Once the hydrogen is produced at a high purity, it is stored in a low-pressure buffer at 20 bars directly from the electrolyzer. The hydrogen can be used for any purpose (in the project, the main purpose is mobility), but also to supply the fuel cell and replenish the essential load. The overall configuration is shown in Figure 2.
One of the characteristics of solar photovoltaics is the intermittency of the availability of power (due to cloud, fog or any other climate event). The PEMWE developed within Ely4off is capable of changing the H2 production from 0% to 100% in less than 30 s if the system is warm (typical condition if a cloud passes). If the climate event lasts longer and the system is cold, the nominal production of H2 is reached in less than 300 s, which is quite a good value, considering that the system performs safety checks to assure no leaks during turning on.

2.2.3. Power Systems in Competition

Three different systems are considered as potential competitors for an Ely4off system based on hydrogen production by PEM electrolysis:
  • Photovoltaic (PV)–battery (BAT): two different technologies of batteries are considered—Lead-Acid (Pb-a) and Li-Ion.
  • PV-Diesel generator: the diesel generator is used as a back-up when PV power is not sufficient.
  • Diesel generator only.
These configurations (and similar variants) are nowadays the most commonly used in off-grid locations, being therefore the most mature solutions [18].
In order to simulate the Ely4off system and its competitors, Figure 3 shows the conceptual configurations to be modeled by the software.

2.2.4. Techno-Economic Hypothesis

Technical and economic hypothesis used for the development of simulations with ODYSSEY are presented in this section. The general set of hypothesis is represented in Table 1 and describes the simulation timeframe as well as time steps of the radiation profile and the electrical loads.
The reason for choosing 1 June is based on a timeframe scheduled in the project for the demo period, which will take eight months of operation. The simulation time step is 10 min, which is considered enough for the kind of system simulated.
Additional technical and economic hypothesis for each component within the systems are also necessary for system simulations. Economic hypothesis, such as investment, operation and maintenance (O&M), and replacement costs are presented in Table 2. As mentioned before, the data used is from previous studies using ODYSSEY [14,15,19] and from project partners’ knowledge.
The technical hypothesis for each of the element to be simulated is presented in Table 3. The data used in this table has been collected from recent studies developed by Ely4off partners, which includes hydrogen injection to the gas grid (to be published in 2019) and benchmarking of energy storage technologies [20]. Solar profiles are obtained from public databases developed by NREL [21].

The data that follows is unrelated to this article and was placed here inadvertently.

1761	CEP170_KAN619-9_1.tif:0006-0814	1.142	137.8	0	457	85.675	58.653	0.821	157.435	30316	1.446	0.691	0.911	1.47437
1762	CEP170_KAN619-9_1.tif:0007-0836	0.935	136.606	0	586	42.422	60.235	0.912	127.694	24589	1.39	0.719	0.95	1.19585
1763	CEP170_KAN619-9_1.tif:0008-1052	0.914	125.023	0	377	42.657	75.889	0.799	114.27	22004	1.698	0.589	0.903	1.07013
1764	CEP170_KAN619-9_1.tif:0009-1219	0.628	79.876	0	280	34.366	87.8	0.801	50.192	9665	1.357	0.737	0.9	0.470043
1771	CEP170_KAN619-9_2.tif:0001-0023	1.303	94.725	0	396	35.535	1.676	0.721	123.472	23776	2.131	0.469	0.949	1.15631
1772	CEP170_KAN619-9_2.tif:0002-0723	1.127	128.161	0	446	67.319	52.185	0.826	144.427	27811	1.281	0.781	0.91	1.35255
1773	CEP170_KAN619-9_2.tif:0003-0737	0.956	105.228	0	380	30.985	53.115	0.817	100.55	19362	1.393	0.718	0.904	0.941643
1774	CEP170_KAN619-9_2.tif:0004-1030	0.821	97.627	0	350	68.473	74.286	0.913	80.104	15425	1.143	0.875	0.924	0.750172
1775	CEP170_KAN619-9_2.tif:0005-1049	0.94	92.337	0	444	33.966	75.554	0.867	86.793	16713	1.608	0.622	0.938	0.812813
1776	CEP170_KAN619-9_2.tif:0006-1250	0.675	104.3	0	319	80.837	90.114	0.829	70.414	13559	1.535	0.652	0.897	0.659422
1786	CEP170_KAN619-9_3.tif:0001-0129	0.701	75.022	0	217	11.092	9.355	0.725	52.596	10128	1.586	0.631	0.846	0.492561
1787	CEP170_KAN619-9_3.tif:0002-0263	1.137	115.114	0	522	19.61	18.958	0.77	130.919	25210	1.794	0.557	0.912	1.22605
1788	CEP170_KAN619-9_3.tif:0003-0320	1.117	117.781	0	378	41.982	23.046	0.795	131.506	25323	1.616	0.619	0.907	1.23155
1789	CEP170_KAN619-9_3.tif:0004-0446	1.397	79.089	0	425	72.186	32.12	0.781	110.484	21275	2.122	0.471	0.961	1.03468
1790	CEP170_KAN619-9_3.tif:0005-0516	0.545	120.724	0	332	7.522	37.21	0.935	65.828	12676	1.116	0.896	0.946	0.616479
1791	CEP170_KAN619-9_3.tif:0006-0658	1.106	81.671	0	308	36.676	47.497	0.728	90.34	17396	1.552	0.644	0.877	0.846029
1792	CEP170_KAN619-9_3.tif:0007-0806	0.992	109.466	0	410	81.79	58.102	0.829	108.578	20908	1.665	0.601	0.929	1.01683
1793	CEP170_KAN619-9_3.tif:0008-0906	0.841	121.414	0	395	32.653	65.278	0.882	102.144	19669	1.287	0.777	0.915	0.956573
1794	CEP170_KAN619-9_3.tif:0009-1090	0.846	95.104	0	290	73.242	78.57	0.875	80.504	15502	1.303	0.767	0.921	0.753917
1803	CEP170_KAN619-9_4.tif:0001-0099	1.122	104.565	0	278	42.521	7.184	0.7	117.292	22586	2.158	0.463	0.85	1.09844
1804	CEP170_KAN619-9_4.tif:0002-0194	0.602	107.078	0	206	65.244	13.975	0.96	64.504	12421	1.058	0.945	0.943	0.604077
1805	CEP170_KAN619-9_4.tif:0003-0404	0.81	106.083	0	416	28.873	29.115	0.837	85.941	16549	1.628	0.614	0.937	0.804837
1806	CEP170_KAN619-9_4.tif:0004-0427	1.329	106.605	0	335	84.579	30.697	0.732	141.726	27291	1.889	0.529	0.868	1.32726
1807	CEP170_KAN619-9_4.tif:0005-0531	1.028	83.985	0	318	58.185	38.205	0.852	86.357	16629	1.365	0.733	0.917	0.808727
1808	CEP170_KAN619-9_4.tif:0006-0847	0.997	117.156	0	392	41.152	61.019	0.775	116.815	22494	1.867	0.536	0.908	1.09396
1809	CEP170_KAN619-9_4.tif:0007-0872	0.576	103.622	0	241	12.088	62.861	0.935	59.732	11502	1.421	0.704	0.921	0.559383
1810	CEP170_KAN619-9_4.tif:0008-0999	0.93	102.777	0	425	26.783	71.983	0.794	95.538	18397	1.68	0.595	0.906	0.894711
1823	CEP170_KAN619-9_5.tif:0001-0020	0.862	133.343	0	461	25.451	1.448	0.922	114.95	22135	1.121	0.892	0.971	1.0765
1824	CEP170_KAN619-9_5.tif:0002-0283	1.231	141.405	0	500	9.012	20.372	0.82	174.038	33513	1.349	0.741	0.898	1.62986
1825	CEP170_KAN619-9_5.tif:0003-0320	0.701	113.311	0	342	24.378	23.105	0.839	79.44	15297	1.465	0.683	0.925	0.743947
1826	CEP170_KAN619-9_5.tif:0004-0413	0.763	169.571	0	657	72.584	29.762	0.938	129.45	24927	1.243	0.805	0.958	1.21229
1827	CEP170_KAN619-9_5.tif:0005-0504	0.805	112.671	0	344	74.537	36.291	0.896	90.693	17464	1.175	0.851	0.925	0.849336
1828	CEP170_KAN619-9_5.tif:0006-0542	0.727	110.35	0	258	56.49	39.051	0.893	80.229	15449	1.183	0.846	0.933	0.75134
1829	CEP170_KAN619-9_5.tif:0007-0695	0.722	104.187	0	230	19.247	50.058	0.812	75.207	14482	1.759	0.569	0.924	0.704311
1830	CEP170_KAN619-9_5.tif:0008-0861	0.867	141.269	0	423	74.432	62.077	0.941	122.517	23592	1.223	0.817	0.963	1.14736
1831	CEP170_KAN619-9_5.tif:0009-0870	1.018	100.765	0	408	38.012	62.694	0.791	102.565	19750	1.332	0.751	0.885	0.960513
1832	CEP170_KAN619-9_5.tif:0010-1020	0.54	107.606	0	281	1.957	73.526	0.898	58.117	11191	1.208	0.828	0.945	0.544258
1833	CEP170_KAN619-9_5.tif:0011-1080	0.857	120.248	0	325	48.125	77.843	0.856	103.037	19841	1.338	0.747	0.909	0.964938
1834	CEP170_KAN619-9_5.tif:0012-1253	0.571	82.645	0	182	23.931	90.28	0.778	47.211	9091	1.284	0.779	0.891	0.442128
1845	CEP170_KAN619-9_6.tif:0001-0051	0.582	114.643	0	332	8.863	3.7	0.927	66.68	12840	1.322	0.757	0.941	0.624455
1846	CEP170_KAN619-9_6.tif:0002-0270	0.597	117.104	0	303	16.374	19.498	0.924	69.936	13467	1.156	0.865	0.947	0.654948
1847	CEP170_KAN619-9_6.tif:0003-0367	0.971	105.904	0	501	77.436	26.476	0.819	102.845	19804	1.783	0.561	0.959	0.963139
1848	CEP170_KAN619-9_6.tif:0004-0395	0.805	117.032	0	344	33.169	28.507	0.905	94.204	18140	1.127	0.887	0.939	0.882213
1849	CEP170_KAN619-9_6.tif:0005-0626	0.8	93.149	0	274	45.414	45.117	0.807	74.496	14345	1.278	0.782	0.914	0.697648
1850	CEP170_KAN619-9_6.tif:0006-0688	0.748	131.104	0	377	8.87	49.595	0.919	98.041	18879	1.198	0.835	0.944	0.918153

2.2.5. Optimization Criteria and Methodology

ODYSSEY software allows for optimization of system components size in order to minimize user-defined indicators. Two criteria are used for the optimization of the system:
  • Technical criterion: unsatisfied electrical load. The results presented in this paper are all considering 100% satisfaction of the load, because the load must be supplied 24/7. The equation is based on the difference between the provided load and the total required.
    Unsatisfied   load   = 1 Provided   electrical   load   ( kWh ) Total   electrical   ( kWh )
  • Economic criterion: levelized cost of energy (LCOE). It can be defined as the total cost required to install, operate, and maintain a power-generating asset over its lifetime, divided by the total energy output of the asset over that lifetime. Equation is defined in [22].
    LCoE = y = 1 n Total   costs   ( y ) ( 1 + d ) y 1 y = 1 n Provided   electricity   ( y ) ( 1 + d ) y 1
    where n—life of the system, d—discount rate, y—year
Both criteria must be minimized in order to achieve the best results. To obtain them, the parameters mentioned in Table 3 as “to be optimized by ODYSSEY” are shown in Table 4.
In order to achieve the lowest criteria of LCOE and unsatisfied load, simulations are performed for each interval value among the range. The results presented in Section 3 show the optimized component value for which the system obtains the lowest LCOE and 0% of the unsatisfied load.
A multi-criterion, multi-parameter optimization algorithm is integrated into ODYSSEY. This genetic algorithm is used in this study to rapidly approach the optimal solution.

2.3. Sensitivity Analysis

In addition to the optimization criteria, a sensitivity analysis is carried out through additional simulations to obtain a wider outlook of the results. The parameters to which this analysis is applied are shown in Table 5.